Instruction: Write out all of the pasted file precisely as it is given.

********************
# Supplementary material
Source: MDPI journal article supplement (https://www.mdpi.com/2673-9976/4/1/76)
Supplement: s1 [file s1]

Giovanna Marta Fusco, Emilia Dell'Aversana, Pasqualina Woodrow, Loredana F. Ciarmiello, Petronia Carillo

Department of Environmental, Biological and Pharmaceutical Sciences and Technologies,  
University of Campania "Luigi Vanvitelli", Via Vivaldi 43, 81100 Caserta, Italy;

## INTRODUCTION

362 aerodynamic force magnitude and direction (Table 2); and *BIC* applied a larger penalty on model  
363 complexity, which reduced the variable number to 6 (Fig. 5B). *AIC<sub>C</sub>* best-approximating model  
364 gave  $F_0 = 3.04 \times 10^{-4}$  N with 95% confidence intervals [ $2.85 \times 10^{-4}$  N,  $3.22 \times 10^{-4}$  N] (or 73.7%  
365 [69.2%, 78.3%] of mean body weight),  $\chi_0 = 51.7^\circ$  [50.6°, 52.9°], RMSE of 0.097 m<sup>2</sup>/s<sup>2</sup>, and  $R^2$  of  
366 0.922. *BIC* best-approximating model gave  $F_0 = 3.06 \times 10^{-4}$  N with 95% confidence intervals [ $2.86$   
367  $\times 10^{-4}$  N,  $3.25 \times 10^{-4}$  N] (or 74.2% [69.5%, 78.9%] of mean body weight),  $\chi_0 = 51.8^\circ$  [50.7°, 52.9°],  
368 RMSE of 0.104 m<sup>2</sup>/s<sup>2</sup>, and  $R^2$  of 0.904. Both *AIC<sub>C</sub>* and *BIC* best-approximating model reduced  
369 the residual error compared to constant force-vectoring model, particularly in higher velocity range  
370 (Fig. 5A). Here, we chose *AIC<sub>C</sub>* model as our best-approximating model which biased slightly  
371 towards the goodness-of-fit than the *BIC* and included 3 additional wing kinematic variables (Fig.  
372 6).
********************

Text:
# Supplementary material
Source: MDPI journal article supplement (https://www.mdpi.com/2673-9976/4/1/76)
Supplement: s1 [file s1]

Giovanna Marta Fusco, Emilia Dell'Aversana, Pasqualina Woodrow, Loredana F. Ciarmiello, Petronia Carillo

Department of Environmental, Biological and Pharmaceutical Sciences and Technologies,  
University of Campania "Luigi Vanvitelli", Via Vivaldi 43, 81100 Caserta, Italy;

## INTRODUCTION

362 aerodynamic force magnitude and direction (Table 2); and *BIC* applied a larger penalty on model  
363 complexity, which reduced the variable number to 6 (Fig. 5B). *AIC<sub>C</sub>* best-approximating model  
364 gave  $F_0 = 3.04 \times 10^{-4}$  N with 95% confidence intervals [ $2.85 \times 10^{-4}$  N,  $3.22 \times 10^{-4}$  N] (or 73.7%  
365 [69.2%, 78.3%] of mean body weight),  $\chi_0 = 51.7^\circ$  [50.6°, 52.9°], RMSE of 0.097 m<sup>2</sup>/s<sup>2</sup>, and  $R^2$  of  
366 0.922. *BIC* best-approximating model gave  $F_0 = 3.06 \times 10^{-4}$  N with 95% confidence intervals [ $2.86$   
367  $\times 10^{-4}$  N,  $3.25 \times 10^{-4}$  N] (or 74.2% [69.5%, 78.9%] of mean body weight),  $\chi_0 = 51.8^\circ$  [50.7°, 52.9°],  
368 RMSE of 0.104 m<sup>2</sup>/s<sup>2</sup>, and  $R^2$  of 0.904. Both *AIC<sub>C</sub>* and *BIC* best-approximating model reduced  
369 the residual error compared to constant force-vectoring model, particularly in higher velocity range  
370 (Fig. 5A). Here, we chose *AIC<sub>C</sub>* model as our best-approximating model which biased slightly  
371 towards the goodness-of-fit than the *BIC* and included 3 additional wing kinematic variables (Fig.  
372 6).